Four years ago Rachel Kavanaugh directed Tom Stoppard's Arcadia at Birmingham Rep and "fell in love with the unique way he weaves together science and art to create such brilliant theatre." Now the Rep's artistic director, Kavanaugh has got to grips with Stoppard's Hapgood, a spy thriller which compares quantum mechanics with international espionage.
It doesn't sound as though it makes a riveting subject for an evening's entertainment. Cynics might say that Kavanaugh brought in Josie Lawrence, remembered by some people more for her nine years on the television show Whose Line Is It Anyway? rather than as an award-winning actress, to attract more people to the show. But as with other Stoppard plays, Hapgood works.
You'll probably understand the play more if you have a science background - otherwise there'll be sections during which you're wondering what's going on and whether the dialogue you're hearing is relative to the plot.
And you can't afford to leave your brain at the entrance. Although Stoppard made many changes to the original script before he got it exactly as he wanted, you need no less concentration than for an earlier version in which the writer included an 18-minute explanatory monologue. I heard more than one couple at the interval comparing notes and checking whether they'd taken in everything that was happening.
Hapgood is the story of a spymaster, referred to mostly as Mrs Hapgood or Mother, who has to discover the identity of a traitor passing top-secret scientific information to the Russians. It's intricately written so that you're never sure who's on which side, if the double-crosser is himself being double-crossed and whether double-agents are really triple-agents.
In some ways it's a strange play to revive: written in 1988, it's dated in that some of the language is antiquated - Hapgood herself has a habit of exclaiming "Sugar!" or "Goodness!" when anything goes wrong and at one stage describes her former lover as an "unspeakable cad" - while nowadays Russia doesn't pose the same threat as the old Soviet Union.
But parts of the play, such as the self-examination and sacrifices some of the characters have to make, continue to be relevant.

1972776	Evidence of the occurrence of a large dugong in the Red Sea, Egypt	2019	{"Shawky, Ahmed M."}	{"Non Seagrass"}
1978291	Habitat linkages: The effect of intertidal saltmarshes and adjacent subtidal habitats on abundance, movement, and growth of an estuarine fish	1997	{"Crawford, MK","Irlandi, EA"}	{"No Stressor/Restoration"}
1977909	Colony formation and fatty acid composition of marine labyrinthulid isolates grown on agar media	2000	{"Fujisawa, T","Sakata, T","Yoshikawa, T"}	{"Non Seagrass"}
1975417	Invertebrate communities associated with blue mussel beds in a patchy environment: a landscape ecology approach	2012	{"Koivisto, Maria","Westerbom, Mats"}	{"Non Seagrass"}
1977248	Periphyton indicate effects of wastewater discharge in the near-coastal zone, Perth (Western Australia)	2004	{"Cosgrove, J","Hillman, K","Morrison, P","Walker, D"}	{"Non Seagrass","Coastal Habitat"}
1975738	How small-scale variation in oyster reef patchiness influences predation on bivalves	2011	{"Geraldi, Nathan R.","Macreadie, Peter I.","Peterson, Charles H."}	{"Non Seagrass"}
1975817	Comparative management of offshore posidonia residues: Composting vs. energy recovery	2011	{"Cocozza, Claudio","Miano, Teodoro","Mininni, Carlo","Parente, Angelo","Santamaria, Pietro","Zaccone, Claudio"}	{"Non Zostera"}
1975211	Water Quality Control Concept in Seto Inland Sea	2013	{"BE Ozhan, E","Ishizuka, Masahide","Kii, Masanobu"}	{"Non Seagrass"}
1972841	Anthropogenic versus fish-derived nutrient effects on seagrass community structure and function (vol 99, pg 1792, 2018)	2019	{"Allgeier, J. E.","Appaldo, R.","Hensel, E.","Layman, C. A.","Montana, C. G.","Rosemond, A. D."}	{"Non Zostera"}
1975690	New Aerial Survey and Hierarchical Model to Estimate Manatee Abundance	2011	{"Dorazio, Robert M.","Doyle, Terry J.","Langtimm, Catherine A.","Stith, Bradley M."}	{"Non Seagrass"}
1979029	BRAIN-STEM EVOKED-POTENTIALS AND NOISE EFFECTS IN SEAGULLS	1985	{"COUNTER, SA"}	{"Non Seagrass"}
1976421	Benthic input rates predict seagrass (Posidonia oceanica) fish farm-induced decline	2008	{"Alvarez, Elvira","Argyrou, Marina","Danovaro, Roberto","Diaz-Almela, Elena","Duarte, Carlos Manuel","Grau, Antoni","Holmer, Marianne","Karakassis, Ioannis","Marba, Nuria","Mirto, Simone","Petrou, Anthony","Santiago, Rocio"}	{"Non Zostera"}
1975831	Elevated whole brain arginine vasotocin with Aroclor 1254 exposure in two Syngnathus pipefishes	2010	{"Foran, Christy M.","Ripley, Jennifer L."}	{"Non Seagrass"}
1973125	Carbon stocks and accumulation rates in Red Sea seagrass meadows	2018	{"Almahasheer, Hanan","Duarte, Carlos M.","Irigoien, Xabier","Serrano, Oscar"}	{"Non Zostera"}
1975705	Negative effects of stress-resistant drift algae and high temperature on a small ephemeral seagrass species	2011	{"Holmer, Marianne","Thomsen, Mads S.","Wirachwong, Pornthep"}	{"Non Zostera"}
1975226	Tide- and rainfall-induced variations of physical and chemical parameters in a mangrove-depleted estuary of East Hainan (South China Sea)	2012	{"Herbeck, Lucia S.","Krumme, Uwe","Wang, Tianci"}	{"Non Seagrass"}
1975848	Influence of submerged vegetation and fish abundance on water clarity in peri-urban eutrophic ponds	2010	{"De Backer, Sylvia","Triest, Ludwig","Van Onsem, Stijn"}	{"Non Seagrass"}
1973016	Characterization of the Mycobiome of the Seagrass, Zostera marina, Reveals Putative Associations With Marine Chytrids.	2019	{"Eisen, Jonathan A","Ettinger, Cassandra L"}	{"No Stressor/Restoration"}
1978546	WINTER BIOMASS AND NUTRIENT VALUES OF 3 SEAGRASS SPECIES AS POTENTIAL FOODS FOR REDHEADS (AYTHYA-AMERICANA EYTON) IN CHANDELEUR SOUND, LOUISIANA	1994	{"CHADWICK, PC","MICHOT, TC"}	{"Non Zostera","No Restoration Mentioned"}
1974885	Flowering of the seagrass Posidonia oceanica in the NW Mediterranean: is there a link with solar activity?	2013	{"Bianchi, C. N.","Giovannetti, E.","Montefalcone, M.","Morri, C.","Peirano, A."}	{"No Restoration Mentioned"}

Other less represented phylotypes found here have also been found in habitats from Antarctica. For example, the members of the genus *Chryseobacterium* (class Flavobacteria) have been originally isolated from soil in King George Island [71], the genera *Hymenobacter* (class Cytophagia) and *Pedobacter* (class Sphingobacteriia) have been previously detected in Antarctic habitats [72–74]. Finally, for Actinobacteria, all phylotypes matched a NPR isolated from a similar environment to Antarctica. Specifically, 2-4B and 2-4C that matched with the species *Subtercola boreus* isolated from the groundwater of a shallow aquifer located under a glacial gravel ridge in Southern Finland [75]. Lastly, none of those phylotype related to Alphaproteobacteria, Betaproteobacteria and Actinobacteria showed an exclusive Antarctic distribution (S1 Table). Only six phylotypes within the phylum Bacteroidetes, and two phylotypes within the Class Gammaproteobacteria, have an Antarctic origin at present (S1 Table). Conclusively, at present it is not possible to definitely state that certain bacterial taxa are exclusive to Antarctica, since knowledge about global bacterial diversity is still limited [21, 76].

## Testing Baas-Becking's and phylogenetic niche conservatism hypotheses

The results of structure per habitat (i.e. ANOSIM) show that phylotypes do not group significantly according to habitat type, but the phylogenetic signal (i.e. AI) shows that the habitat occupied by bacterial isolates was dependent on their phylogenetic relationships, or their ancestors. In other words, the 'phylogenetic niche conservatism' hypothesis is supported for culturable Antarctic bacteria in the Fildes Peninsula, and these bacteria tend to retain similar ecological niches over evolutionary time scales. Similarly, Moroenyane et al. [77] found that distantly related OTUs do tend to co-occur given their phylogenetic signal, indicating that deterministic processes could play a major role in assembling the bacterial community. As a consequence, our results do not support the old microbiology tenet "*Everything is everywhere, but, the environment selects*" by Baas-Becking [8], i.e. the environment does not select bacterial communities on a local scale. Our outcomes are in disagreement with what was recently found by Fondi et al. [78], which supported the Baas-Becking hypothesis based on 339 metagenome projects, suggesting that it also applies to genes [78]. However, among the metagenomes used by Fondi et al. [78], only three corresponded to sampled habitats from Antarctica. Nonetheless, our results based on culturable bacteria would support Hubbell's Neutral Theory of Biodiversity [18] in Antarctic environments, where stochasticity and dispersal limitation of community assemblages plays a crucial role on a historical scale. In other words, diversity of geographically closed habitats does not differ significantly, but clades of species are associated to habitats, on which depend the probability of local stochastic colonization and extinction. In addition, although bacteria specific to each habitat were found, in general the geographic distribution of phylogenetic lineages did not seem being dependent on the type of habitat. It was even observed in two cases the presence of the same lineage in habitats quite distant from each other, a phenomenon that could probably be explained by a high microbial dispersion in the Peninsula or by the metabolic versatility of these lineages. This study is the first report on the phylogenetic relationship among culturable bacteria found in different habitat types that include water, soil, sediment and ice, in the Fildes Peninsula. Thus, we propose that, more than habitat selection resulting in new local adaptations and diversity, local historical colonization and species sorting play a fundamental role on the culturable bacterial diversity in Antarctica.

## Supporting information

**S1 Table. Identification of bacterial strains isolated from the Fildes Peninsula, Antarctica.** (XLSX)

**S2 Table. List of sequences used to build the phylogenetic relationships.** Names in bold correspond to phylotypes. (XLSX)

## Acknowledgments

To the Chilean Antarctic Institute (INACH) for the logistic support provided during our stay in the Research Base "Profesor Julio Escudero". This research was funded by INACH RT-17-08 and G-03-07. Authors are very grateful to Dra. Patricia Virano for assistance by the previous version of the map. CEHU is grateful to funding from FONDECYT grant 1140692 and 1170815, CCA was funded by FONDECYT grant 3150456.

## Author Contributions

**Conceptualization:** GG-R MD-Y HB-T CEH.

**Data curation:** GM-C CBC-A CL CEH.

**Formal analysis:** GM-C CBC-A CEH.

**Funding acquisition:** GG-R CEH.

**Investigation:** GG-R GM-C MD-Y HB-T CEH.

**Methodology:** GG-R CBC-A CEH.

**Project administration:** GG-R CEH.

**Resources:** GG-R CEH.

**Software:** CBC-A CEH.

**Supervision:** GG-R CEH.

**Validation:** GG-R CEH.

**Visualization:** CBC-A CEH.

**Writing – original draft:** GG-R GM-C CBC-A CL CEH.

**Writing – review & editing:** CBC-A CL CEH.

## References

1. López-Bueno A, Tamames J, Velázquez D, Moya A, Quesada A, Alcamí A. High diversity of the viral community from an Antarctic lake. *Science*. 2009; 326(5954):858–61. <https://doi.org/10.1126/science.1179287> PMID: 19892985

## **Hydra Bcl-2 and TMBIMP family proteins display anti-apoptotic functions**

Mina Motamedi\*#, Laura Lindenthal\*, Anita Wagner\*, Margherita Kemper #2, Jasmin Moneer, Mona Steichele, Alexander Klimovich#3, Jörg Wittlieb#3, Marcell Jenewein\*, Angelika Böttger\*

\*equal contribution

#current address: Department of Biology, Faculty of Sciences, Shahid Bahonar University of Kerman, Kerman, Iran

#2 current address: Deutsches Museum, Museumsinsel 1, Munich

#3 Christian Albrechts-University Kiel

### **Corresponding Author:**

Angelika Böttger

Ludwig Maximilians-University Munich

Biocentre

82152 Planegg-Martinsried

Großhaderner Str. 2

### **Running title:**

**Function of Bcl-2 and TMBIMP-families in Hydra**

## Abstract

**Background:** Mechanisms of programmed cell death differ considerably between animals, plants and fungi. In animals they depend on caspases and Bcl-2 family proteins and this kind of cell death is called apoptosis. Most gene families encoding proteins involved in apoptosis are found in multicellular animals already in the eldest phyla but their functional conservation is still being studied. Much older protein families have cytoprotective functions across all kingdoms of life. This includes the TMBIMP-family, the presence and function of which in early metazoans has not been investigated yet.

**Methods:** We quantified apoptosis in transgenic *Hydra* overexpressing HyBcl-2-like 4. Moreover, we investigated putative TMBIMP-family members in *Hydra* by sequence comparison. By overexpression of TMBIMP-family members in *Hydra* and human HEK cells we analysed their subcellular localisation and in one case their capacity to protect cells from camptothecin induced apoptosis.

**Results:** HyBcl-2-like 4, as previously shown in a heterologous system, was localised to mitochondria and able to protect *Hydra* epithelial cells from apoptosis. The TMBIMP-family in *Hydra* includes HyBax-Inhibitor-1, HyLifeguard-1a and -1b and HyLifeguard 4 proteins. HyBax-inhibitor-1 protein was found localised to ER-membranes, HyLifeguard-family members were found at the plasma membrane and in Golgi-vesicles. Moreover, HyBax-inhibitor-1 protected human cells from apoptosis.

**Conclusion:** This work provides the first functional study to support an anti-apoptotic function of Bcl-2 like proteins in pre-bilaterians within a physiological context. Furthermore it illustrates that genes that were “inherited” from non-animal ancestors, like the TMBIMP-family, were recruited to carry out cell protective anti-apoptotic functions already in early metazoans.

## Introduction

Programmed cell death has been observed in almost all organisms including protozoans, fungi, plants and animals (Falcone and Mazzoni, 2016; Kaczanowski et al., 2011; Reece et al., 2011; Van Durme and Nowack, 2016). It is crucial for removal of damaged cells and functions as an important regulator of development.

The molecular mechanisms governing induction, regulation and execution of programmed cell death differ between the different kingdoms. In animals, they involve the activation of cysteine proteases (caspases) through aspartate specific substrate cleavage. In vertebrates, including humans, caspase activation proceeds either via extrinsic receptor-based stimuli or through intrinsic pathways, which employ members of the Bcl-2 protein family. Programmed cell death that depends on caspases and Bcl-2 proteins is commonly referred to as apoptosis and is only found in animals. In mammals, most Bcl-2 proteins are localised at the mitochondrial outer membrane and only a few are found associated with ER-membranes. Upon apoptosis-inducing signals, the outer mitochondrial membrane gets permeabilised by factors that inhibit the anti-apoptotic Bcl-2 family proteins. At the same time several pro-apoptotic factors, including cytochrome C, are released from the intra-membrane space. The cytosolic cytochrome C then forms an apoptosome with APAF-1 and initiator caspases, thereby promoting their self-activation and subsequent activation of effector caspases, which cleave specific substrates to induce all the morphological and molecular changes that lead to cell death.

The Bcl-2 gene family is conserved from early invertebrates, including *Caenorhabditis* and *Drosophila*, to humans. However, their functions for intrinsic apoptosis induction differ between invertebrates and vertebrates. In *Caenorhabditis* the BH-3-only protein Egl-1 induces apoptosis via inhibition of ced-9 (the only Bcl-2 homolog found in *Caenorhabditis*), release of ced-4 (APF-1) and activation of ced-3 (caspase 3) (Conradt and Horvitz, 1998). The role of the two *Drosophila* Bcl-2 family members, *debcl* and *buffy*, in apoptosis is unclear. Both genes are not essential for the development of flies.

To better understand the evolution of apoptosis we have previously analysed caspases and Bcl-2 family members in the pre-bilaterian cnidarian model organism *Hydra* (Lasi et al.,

Josie Lawrence is a fine choice to play the unconventional, clever Hapgood. She's convincingly commanding and tenacious as a boss yet underneath she's vulnerable in her private life which becomes inescapably tangled up with her professional activities. She's great at her job yet she agonises over whether she's not spending enough time with her young, boarding school-educated son.
Christopher Ettridge gives us an understated Blair, Hapgood's boss, who doesn't take any of the limelight away from her, while John Hodgkinson - superb at the Rep last year as Astrov in Chekhov's Uncle Vanya - gives another strong performance as Kerner the Russian.
There's good support from David Birrell as double-agent Ridley; Steve Toussaint as the American, Waites; Ross Armstrong, the loyal servant who's never phased no matter how absurd things are in Hapgood's office; and Paul Westwood, the awkward, dull-witted Merryweather who wouldn't recognise an enemy agent even if he the word spy tattooed on his forehead.
Designer Colin Richmond has done a terrific job, transforming the stage into everything from Hapgood's office to a swimming pool changing room and even a zoo. And full marks to the backstage crew who are exceptionally quick with scene changes.
Hapgood won't be to everyone's taste but Kavanaugh gets the actors to maintain a brisk pace which compensates for the periods in which the play threatens to be overwhelmed by Stoppard's tangential lurch into scientific theory.
And I must admit that despite being a no-hoper at science, I enjoyed it.
"Hapgood" runs at Birmingham Rep until April 26th and at West Yorkshire Playhouse from May 1st to 24th
Reviewer: Steve Orme